- The Washington Times - Friday, July 8, 2005

KHARTOUM, Sudan — Former rebel leader John Garang made a triumphant return to Khartoum yesterday, greeted as a brother by the president and as a pop star by hundreds of thousands of supporters hopeful for a new era after Africa’s longest civil war.

His arrival on a scorching summer’s day was a landmark step in a U.S.-backed January peace deal that requires Sudan’s Muslim-dominated northern-based regime to share power and wealth with long-marginalized southerners. Mr. Garang is to be sworn in to the government’s second-most-powerful post today.

A red-carpet greeting at Khartoum’s airport was followed by an official welcoming reception during which President Omar el-Bashir held his former enemy’s hand in the air and repeatedly called him “our brother.”

“You will find the hearts of all Sudanese open to you,” Mr. el-Bashir promised. “This war has stopped finally and forever.”

A smiling Mr. Garang was interrupted by ululating women and shouts of “Allahu akbar,” or God is great, and “Hallelujah” as he told the nearly 400 guests under a large tent at the ruling party headquarters that he was home among his people.



“I congratulate the Sudanese people. This is not my peace or the peace of el-Bashir, it is the peace of the Sudanese people,” Mr. Garang said.

Mr. Garang, a burly, bearded warrior from southern Sudan’s large Dinka tribe, was a key partner in peace negotiations that resulted in January’s agreement. The deal ended the 21-year civil war that left more than 2 million dead, mostly through war-induced famine.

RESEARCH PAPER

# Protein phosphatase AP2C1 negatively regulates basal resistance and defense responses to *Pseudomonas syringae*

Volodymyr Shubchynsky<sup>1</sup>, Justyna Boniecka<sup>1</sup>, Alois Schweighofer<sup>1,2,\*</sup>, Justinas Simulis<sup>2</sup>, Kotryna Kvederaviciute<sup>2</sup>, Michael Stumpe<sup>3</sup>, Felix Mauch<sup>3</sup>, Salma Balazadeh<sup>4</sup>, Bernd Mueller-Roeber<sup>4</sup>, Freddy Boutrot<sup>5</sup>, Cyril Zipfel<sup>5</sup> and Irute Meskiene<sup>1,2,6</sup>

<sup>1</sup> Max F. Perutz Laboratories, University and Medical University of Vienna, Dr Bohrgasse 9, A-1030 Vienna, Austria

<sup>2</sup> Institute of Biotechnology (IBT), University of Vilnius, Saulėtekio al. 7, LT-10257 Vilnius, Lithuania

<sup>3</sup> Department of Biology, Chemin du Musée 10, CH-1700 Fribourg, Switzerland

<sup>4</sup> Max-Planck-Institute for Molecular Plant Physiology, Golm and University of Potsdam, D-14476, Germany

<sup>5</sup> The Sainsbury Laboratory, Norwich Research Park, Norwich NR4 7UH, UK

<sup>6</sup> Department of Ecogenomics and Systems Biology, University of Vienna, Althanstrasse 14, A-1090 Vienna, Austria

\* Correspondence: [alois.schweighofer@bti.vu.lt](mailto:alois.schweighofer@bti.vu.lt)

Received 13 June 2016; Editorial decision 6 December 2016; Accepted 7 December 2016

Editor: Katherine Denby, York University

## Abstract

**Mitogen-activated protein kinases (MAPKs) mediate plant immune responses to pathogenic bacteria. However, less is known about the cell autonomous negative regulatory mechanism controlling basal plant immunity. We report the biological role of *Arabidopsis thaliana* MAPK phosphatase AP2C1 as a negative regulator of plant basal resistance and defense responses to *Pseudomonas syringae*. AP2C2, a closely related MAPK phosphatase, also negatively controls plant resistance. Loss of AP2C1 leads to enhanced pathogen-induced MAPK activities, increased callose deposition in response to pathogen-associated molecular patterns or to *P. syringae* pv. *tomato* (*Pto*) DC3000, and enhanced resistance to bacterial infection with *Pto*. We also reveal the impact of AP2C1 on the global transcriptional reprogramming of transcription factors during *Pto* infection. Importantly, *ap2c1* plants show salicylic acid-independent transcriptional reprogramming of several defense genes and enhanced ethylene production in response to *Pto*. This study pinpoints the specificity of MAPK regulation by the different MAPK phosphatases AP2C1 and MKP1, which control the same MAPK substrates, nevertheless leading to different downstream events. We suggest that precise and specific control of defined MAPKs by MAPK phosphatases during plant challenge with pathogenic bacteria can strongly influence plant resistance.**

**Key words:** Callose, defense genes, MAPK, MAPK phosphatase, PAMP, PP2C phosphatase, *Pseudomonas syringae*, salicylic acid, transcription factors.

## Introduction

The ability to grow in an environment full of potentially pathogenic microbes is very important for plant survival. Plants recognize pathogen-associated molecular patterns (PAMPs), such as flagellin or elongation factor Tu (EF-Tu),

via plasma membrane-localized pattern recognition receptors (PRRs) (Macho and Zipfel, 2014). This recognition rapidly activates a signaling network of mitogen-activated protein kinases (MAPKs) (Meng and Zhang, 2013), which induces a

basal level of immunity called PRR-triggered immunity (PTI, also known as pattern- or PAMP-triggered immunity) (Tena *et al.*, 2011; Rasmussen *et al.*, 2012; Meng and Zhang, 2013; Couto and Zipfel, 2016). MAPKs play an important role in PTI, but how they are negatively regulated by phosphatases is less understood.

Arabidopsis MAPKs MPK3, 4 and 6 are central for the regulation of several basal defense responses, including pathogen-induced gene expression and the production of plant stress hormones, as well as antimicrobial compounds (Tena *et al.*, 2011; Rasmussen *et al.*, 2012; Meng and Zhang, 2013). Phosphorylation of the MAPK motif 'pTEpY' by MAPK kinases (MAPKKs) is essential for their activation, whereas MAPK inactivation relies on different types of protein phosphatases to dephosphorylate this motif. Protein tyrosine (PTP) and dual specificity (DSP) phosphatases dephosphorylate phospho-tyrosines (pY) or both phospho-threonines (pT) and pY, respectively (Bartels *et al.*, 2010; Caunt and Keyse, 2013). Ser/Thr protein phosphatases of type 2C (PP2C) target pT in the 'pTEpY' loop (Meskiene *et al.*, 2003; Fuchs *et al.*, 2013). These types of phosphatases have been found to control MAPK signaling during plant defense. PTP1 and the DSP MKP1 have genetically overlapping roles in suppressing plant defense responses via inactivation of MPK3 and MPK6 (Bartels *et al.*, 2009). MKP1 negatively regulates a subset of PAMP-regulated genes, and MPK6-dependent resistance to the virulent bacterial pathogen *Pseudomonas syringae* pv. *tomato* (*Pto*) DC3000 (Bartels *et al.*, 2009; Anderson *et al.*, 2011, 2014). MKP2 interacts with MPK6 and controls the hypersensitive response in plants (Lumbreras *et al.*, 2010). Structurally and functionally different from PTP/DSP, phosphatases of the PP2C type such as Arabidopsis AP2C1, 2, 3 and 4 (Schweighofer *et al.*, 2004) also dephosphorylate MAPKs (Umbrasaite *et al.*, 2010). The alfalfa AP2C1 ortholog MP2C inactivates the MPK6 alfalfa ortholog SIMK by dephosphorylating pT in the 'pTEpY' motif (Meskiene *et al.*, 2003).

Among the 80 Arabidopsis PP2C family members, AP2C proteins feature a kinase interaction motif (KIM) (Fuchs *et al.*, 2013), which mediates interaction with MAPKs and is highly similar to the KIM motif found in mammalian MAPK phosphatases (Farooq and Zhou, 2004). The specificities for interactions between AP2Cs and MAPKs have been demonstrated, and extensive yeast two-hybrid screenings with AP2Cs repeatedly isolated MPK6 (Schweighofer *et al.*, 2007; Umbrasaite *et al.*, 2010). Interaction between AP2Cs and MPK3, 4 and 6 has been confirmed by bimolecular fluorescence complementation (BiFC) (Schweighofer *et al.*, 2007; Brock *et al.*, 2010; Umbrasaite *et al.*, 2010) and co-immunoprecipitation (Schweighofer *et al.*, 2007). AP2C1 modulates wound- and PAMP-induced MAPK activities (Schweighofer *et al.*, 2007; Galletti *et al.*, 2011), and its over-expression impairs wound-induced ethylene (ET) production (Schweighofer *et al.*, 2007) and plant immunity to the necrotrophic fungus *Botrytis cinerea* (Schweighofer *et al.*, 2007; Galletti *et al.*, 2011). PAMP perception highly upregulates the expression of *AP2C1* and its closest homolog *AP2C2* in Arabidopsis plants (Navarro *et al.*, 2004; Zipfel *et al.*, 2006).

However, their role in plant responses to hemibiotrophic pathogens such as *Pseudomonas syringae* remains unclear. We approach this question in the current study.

Many in Khartoum welcomed Mr. Garang’s arrival as a prelude to better times and an end to long years of fighting. A new government is to be installed in August, giving hope for many of a better life in Africa’s largest country.

In a sign of unity, yesterday’s security arrangements were shared by the Sudanese Army and Mr. Garang’s Sudan People’s Liberation Army, both of which guarded roadways and the perimeter of the city’s Green Square, where Mr. Garang made an appearance. Secret service units blended into the massive crowd.

Hundreds of thousands of people — mainly Sudanese from the country’s southern and western regions — who had been waiting up to six hours under blistering sunshine for Mr. Garang’s arrival screamed with joy when he stepped onto a stage. Mr. Garang waved and blew kisses, each one greeted with roars of approval by the throng that pressed closer to get a view.

“It’s a day of merriment, a day of joy,” grinned Marina Lako, 32. “The fact that Garang has come means to us the war has stopped. We, as women, we lost many of our beloved ones. So the end of the war means a lot to us. This is the day of the people.”

Many waved flags and wore pins in the black, white, red and green of the SPLA. Banners proclaimed “Peace for Darfur” — a region wrought by more than two years of conflict in Sudan’s west — and welcome messages for Mr. Garang. Tribal dancers and singers entertained the crowd before his arrival.

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